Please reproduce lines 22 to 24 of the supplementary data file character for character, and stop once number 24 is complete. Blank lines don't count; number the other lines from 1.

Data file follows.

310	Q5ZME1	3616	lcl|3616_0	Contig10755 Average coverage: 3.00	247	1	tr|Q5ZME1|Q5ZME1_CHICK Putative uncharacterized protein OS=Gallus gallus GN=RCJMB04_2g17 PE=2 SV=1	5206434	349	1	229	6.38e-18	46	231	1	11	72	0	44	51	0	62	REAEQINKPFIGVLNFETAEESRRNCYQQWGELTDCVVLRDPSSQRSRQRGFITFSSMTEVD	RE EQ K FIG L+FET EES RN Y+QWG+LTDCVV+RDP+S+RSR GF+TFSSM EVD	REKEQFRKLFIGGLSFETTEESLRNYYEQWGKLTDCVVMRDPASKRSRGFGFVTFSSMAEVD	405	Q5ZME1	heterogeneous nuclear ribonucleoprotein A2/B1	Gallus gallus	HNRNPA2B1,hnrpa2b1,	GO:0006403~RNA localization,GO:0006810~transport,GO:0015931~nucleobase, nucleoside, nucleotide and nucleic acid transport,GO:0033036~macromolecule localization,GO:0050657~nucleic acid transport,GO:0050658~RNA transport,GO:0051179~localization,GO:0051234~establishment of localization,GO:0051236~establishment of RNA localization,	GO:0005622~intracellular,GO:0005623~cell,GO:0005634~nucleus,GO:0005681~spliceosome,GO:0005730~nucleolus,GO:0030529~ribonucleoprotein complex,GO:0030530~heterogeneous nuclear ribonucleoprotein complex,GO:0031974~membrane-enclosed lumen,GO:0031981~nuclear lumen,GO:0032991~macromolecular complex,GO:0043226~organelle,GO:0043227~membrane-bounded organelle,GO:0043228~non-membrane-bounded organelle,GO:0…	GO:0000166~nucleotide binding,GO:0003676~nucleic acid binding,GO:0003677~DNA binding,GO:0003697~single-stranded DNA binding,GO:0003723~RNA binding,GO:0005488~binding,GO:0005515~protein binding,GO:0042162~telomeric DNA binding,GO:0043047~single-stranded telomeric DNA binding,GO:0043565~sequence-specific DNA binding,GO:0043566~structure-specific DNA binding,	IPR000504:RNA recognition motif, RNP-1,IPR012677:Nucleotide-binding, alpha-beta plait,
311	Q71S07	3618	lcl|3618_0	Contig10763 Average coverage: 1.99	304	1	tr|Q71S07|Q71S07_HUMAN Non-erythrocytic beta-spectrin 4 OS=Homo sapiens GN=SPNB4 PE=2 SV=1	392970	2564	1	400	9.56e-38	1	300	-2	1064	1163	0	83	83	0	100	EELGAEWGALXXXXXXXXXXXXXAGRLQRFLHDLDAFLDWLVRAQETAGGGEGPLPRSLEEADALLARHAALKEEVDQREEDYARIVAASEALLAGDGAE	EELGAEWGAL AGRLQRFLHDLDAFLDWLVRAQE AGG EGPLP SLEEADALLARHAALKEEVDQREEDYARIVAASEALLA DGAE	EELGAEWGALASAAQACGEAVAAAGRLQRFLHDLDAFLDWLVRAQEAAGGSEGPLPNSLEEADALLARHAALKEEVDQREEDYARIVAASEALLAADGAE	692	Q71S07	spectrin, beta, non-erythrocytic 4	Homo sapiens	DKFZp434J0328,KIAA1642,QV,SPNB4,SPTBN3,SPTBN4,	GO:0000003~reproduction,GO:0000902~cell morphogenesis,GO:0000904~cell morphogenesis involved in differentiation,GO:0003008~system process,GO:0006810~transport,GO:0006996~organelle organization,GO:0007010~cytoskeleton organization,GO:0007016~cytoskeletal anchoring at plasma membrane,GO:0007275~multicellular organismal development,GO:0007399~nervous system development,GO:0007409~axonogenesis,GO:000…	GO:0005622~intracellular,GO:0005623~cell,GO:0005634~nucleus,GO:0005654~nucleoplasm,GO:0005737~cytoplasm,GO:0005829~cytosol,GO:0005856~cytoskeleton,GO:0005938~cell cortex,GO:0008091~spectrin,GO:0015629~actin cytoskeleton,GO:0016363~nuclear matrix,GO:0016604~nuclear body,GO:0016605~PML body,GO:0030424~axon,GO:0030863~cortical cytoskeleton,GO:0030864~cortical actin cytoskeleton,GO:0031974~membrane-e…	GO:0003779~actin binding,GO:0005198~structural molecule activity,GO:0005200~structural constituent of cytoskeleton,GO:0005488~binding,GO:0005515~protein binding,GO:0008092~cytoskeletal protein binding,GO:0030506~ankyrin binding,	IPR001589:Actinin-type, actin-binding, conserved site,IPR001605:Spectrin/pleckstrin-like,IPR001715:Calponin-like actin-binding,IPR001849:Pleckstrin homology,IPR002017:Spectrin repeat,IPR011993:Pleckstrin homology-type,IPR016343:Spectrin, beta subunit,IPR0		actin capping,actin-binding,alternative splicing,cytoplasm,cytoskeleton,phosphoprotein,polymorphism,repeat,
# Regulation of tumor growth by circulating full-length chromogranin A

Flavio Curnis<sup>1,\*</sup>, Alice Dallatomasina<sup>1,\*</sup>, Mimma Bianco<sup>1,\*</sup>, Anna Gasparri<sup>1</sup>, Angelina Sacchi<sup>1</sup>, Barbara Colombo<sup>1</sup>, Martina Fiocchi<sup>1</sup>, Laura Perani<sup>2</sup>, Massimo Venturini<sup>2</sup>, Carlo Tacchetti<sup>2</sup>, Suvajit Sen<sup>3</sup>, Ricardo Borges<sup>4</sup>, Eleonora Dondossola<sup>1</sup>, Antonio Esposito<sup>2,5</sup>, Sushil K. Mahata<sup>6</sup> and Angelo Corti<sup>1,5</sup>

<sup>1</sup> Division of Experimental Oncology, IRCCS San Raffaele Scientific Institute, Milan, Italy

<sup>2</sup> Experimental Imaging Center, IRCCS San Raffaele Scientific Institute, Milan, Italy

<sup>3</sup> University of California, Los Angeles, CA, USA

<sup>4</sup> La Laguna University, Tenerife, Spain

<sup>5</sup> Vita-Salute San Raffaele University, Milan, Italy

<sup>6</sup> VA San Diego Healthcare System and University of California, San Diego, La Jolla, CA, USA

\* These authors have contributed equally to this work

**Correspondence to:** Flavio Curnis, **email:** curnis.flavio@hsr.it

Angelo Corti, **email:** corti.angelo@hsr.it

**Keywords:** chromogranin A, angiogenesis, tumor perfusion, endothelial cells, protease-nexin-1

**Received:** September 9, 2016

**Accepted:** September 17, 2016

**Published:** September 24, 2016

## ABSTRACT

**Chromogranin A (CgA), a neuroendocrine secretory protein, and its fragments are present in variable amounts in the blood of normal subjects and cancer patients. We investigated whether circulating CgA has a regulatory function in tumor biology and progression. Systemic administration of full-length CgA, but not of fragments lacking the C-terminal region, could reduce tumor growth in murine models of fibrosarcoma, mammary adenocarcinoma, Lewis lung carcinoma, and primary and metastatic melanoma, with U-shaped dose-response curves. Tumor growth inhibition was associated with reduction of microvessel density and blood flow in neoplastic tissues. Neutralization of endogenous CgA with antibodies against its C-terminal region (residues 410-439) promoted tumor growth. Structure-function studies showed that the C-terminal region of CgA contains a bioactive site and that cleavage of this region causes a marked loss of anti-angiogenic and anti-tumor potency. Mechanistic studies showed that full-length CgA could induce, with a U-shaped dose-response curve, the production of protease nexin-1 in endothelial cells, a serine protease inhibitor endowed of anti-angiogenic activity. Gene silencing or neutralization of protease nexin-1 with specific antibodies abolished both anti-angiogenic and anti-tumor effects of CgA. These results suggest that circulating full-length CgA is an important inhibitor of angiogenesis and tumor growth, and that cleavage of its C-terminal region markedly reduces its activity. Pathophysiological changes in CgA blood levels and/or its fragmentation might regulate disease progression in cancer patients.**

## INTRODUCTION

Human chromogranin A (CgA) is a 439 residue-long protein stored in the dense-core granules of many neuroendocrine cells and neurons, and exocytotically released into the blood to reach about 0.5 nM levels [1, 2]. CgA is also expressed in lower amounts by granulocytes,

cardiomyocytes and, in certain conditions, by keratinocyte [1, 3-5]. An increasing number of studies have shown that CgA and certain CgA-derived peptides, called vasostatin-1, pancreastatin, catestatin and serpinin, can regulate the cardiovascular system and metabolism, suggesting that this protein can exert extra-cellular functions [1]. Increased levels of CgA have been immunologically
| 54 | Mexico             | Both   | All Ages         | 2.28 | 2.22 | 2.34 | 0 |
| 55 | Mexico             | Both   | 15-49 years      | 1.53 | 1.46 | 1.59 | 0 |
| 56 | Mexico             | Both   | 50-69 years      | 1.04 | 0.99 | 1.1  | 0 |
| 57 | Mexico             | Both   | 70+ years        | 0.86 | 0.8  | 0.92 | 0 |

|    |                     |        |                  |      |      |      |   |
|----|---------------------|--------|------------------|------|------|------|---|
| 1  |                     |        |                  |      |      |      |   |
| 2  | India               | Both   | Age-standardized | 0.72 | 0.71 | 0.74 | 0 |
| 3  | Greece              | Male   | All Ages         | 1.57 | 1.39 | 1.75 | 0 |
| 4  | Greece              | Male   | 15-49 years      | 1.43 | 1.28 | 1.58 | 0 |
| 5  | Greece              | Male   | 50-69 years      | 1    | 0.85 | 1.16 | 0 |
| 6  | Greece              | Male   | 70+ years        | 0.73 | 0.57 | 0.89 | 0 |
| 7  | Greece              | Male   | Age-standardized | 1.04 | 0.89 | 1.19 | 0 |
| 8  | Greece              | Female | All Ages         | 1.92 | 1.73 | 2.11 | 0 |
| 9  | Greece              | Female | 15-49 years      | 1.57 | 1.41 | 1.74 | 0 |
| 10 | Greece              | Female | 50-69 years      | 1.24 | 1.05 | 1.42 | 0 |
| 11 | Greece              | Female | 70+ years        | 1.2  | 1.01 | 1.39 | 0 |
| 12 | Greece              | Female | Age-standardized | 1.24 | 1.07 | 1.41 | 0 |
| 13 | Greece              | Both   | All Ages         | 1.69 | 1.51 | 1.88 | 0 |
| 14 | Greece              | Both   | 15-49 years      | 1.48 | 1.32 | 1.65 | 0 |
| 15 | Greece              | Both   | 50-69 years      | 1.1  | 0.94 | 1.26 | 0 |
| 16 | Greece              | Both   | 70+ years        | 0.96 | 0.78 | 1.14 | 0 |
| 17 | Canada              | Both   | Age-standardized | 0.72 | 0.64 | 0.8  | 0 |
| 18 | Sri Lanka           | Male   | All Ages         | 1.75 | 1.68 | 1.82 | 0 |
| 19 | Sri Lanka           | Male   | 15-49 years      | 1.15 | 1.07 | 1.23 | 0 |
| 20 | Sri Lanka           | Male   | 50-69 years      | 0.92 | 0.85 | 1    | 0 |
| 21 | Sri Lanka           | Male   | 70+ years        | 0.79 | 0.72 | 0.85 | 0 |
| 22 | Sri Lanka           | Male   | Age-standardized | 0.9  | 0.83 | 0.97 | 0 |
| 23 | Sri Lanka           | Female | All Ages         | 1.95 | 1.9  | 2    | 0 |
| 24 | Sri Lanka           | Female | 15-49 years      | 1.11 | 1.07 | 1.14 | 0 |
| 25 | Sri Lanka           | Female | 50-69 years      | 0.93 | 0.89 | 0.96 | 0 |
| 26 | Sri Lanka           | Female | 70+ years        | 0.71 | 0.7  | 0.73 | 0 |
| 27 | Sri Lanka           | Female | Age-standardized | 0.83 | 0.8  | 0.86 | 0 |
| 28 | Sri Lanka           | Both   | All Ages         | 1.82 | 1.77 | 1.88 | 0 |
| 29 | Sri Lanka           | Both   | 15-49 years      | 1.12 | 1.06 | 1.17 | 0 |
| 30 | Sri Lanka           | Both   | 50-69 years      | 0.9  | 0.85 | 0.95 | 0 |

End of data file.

cardiomyocytes and, in certain conditions, by keratinocyte [1, 3-5]. An increasing number of studies have shown that CgA and certain CgA-derived peptides, called vasostatin-1, pancreastatin, catestatin and serpinin, can regulate the cardiovascular system and metabolism, suggesting that this protein can exert extra-cellular functions [1]. Increased levels of CgA have been immunologically
| 54 | Mexico             | Both   | All Ages         | 2.28 | 2.22 | 2.34 | 0 |
| 55 | Mexico             | Both   | 15-49 years      | 1.53 | 1.46 | 1.59 | 0 |